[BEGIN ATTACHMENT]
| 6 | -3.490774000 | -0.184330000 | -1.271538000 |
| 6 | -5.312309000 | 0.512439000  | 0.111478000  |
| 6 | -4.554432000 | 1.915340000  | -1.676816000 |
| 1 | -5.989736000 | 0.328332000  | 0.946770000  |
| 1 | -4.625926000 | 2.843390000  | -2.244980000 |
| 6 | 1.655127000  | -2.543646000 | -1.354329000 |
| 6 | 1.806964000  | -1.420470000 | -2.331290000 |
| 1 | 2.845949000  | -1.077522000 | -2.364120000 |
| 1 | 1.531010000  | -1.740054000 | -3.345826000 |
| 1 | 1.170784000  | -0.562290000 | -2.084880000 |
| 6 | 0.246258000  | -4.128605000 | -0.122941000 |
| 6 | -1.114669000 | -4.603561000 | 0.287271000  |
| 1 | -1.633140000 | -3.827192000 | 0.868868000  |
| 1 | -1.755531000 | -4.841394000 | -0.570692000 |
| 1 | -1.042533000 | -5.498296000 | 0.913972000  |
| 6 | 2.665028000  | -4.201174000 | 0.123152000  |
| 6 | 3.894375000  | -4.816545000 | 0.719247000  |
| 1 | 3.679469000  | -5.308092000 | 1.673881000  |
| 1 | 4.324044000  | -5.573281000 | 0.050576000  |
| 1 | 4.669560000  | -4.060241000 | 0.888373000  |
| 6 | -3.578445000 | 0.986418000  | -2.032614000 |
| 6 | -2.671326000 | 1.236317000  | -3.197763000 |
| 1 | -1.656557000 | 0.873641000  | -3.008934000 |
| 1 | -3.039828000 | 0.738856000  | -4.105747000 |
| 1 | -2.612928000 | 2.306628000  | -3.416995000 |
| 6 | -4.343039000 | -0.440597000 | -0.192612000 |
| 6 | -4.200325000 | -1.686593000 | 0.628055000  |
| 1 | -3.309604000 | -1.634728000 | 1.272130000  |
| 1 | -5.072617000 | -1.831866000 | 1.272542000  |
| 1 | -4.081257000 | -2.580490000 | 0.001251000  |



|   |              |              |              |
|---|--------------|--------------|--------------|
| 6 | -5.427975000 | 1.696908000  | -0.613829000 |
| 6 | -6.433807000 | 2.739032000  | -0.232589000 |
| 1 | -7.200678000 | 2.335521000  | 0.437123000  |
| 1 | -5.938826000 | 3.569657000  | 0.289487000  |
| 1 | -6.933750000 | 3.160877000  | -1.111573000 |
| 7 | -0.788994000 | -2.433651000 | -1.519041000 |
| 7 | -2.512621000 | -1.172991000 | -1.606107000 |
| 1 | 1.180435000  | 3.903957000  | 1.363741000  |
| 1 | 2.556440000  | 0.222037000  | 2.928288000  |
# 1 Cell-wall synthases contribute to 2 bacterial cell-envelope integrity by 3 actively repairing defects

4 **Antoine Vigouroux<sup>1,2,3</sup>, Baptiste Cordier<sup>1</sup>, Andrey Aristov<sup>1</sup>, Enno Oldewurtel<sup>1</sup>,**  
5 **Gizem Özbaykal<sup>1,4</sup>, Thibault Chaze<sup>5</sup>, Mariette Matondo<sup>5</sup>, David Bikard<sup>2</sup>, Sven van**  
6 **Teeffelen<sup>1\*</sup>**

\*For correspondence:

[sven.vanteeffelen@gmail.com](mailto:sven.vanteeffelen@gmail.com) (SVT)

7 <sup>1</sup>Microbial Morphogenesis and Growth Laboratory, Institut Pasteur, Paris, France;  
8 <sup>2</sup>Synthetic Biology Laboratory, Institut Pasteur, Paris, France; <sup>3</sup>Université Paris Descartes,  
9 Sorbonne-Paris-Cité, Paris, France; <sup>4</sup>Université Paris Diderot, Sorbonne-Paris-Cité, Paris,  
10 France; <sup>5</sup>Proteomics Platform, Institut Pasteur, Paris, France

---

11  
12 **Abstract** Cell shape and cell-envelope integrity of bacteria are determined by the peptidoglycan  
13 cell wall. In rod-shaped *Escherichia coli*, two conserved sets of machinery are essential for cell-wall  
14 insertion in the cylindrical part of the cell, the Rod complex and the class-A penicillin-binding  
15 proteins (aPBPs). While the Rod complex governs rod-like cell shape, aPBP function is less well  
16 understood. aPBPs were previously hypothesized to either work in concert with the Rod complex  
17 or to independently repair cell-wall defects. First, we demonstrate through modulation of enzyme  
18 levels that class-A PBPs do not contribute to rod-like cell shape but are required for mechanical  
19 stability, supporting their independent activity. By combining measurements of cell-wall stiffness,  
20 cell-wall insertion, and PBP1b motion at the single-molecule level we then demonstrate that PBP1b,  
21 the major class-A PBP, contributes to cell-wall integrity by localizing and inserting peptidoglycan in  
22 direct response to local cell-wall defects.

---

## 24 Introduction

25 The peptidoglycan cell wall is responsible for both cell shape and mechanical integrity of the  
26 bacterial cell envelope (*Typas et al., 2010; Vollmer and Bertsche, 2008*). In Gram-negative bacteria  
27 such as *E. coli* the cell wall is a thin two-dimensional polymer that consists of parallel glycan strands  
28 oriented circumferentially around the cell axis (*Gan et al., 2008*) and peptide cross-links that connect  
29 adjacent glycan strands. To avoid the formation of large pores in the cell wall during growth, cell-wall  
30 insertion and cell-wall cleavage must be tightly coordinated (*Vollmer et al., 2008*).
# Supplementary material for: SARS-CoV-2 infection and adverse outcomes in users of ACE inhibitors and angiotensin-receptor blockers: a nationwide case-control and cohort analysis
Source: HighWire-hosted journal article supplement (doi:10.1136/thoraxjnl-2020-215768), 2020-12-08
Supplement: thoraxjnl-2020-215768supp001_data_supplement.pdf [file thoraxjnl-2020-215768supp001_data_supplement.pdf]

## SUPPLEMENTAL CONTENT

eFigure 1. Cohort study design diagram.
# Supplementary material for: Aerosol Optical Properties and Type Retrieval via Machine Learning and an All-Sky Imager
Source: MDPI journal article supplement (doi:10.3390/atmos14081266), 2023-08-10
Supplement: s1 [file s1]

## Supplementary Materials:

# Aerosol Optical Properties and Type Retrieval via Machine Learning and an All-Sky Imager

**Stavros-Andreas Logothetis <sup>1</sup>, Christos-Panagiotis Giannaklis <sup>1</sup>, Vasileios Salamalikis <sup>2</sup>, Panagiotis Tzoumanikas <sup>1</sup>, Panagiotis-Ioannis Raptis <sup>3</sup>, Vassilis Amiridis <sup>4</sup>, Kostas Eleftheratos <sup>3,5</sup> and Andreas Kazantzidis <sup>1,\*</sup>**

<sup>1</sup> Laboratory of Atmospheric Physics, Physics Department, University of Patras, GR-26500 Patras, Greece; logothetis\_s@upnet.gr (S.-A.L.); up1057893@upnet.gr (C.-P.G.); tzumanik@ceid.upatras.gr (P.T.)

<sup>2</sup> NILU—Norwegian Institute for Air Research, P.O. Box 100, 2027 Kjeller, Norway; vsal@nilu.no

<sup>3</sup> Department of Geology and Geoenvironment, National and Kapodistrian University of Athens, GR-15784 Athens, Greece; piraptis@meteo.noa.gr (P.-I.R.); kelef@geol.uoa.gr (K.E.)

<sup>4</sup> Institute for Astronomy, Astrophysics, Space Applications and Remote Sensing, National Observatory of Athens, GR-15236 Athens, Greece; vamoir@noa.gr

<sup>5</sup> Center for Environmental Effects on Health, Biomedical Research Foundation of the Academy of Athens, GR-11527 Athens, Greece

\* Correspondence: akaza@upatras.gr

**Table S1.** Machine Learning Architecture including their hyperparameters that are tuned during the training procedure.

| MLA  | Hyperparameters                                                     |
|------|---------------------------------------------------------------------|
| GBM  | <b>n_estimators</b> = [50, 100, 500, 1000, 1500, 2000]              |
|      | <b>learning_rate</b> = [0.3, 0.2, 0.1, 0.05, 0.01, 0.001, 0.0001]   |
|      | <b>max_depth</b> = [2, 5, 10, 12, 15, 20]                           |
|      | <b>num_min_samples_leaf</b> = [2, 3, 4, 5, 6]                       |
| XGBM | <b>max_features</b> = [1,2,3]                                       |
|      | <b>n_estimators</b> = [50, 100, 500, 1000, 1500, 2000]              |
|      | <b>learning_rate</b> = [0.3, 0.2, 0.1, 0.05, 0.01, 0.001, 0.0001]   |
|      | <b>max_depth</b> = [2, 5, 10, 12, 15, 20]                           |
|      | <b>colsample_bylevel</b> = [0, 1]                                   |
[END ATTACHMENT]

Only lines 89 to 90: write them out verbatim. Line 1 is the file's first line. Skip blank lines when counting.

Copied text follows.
\* Correspondence: akaza@upatras.gr

**Table S1.** Machine Learning Architecture including their hyperparameters that are tuned during the training procedure.